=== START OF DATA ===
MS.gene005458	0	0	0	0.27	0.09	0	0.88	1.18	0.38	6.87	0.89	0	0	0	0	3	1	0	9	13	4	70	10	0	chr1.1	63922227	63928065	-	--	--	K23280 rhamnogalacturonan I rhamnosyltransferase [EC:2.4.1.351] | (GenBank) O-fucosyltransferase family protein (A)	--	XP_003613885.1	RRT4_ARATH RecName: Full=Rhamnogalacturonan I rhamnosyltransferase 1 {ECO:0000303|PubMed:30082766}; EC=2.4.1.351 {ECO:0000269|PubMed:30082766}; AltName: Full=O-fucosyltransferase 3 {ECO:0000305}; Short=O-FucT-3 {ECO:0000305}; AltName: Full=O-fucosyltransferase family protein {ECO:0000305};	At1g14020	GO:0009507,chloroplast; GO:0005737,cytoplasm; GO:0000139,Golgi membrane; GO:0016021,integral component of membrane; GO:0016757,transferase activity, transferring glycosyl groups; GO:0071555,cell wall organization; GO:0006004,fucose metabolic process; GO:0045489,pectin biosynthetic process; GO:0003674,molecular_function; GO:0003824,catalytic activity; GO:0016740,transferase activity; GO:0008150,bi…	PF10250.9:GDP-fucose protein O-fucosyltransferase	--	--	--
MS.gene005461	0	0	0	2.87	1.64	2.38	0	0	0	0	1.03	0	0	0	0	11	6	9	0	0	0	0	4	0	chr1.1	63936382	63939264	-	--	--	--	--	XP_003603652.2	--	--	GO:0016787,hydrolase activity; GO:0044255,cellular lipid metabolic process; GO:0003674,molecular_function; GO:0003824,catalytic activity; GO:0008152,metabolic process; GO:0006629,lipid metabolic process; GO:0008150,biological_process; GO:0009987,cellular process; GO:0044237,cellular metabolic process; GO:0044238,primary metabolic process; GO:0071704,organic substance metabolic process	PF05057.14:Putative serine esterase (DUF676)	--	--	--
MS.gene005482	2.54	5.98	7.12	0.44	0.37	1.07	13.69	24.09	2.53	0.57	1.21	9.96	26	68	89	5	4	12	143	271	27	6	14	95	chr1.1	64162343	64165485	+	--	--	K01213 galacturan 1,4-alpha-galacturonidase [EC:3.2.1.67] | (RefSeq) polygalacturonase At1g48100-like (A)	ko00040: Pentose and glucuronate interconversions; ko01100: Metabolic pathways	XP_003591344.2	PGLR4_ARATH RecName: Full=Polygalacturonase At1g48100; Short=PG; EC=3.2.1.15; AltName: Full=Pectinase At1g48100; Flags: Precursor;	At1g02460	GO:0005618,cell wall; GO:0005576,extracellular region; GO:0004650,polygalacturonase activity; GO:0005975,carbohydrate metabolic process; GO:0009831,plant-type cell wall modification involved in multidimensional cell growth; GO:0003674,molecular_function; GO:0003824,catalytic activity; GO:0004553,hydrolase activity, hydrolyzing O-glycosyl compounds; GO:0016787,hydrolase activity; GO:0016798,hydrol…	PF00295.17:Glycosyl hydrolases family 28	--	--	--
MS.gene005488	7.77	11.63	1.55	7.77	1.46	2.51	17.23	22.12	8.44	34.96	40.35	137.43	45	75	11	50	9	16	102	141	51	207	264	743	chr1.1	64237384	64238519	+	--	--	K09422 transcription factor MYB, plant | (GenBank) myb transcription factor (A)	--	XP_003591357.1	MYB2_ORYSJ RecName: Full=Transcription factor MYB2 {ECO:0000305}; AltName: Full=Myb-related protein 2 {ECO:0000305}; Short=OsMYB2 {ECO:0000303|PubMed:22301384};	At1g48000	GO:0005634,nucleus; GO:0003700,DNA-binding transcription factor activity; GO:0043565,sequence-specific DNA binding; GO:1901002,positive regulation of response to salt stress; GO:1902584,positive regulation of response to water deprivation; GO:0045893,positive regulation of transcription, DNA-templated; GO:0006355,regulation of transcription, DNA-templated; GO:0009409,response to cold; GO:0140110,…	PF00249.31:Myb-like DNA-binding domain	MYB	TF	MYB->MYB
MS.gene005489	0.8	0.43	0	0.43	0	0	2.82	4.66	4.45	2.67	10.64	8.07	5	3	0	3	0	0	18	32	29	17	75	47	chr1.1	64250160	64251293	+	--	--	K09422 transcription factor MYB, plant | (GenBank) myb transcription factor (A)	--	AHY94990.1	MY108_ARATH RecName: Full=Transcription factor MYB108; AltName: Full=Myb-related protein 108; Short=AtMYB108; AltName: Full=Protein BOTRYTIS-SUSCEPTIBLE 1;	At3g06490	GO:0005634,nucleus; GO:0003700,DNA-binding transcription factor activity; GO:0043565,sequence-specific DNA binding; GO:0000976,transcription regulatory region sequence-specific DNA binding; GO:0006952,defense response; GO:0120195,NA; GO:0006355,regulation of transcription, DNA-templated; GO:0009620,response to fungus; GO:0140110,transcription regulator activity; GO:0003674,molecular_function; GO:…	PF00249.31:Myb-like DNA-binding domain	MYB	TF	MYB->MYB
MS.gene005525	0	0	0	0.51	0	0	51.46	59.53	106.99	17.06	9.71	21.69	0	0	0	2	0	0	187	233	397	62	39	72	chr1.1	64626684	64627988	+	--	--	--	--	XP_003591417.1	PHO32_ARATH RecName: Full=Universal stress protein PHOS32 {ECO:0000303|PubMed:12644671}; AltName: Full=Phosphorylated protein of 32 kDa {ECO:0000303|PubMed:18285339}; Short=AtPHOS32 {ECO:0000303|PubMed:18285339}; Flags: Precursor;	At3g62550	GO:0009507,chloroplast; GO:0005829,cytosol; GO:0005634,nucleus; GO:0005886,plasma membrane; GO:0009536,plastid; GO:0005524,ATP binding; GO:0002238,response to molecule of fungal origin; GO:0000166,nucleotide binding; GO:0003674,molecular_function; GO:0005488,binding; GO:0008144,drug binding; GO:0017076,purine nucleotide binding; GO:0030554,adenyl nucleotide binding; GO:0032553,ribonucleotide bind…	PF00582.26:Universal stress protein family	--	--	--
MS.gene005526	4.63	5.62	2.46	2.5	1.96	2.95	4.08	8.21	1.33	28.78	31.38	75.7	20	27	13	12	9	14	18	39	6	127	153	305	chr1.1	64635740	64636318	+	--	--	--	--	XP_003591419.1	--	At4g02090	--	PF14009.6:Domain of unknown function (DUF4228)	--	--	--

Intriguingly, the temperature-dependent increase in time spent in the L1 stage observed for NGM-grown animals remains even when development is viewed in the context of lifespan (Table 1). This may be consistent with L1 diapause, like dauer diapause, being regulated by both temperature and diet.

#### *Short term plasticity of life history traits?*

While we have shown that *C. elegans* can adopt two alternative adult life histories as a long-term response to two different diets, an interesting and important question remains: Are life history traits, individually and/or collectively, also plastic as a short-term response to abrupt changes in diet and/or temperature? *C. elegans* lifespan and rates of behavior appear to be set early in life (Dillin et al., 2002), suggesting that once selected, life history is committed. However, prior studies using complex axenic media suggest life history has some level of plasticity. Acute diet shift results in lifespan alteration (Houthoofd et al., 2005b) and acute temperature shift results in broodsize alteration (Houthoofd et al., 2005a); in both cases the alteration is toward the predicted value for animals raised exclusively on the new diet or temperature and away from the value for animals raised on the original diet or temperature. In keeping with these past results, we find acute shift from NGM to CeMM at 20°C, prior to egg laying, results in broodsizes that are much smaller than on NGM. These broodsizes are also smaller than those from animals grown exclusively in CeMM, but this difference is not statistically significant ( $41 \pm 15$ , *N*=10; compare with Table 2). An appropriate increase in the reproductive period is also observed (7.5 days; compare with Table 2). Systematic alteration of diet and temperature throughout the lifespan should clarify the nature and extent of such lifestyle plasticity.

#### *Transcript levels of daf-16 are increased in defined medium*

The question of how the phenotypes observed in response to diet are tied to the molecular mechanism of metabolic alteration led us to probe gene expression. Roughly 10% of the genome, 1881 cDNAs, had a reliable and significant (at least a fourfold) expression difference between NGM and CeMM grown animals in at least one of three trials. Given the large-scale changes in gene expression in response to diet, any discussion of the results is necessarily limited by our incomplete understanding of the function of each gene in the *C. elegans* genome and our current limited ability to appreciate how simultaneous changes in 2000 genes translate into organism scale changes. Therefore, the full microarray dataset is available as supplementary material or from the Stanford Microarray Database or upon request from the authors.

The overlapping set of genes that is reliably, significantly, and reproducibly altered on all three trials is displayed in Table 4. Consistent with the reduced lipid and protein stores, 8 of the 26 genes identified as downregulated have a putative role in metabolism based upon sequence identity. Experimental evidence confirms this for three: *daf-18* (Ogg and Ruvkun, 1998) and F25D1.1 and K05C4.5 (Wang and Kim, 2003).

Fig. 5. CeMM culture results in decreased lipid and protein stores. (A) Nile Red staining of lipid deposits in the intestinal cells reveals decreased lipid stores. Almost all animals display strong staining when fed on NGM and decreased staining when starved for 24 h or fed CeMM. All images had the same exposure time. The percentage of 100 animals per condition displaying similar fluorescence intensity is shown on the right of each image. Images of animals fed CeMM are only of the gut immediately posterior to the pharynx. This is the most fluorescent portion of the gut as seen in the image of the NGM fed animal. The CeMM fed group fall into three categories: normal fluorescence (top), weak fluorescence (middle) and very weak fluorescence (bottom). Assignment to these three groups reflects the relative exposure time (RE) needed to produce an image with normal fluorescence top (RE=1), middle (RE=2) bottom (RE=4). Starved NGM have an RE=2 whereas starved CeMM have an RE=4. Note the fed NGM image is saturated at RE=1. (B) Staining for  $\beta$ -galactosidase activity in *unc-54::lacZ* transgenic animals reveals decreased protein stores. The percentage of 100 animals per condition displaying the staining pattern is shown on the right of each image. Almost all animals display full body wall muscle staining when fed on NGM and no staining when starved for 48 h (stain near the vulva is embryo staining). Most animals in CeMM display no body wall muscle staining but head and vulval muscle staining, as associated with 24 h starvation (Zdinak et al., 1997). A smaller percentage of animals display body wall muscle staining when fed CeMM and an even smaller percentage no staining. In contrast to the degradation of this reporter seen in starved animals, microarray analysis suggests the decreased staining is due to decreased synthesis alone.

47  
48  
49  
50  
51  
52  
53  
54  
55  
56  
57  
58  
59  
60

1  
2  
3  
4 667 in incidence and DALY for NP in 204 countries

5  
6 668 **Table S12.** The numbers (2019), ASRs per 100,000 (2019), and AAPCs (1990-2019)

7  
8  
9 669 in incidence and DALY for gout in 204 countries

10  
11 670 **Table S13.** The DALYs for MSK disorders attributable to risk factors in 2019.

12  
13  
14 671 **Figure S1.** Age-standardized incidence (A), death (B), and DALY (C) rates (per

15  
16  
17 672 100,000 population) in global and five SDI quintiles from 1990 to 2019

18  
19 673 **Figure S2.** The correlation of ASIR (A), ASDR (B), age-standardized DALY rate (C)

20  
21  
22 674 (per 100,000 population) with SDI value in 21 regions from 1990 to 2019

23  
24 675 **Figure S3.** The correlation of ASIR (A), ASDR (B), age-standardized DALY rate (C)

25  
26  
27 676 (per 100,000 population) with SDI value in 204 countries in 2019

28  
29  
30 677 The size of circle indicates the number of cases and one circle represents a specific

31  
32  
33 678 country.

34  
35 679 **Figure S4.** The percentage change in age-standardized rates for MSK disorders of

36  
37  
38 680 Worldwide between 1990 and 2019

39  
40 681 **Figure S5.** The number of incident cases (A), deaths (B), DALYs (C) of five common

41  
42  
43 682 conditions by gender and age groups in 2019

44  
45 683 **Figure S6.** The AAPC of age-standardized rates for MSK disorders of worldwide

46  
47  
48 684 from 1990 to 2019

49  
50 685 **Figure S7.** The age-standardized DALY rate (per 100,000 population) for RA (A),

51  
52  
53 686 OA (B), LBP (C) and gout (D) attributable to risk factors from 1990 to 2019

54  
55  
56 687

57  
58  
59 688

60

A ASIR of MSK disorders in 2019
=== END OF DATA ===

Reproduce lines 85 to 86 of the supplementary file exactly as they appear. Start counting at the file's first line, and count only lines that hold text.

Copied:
57  
58  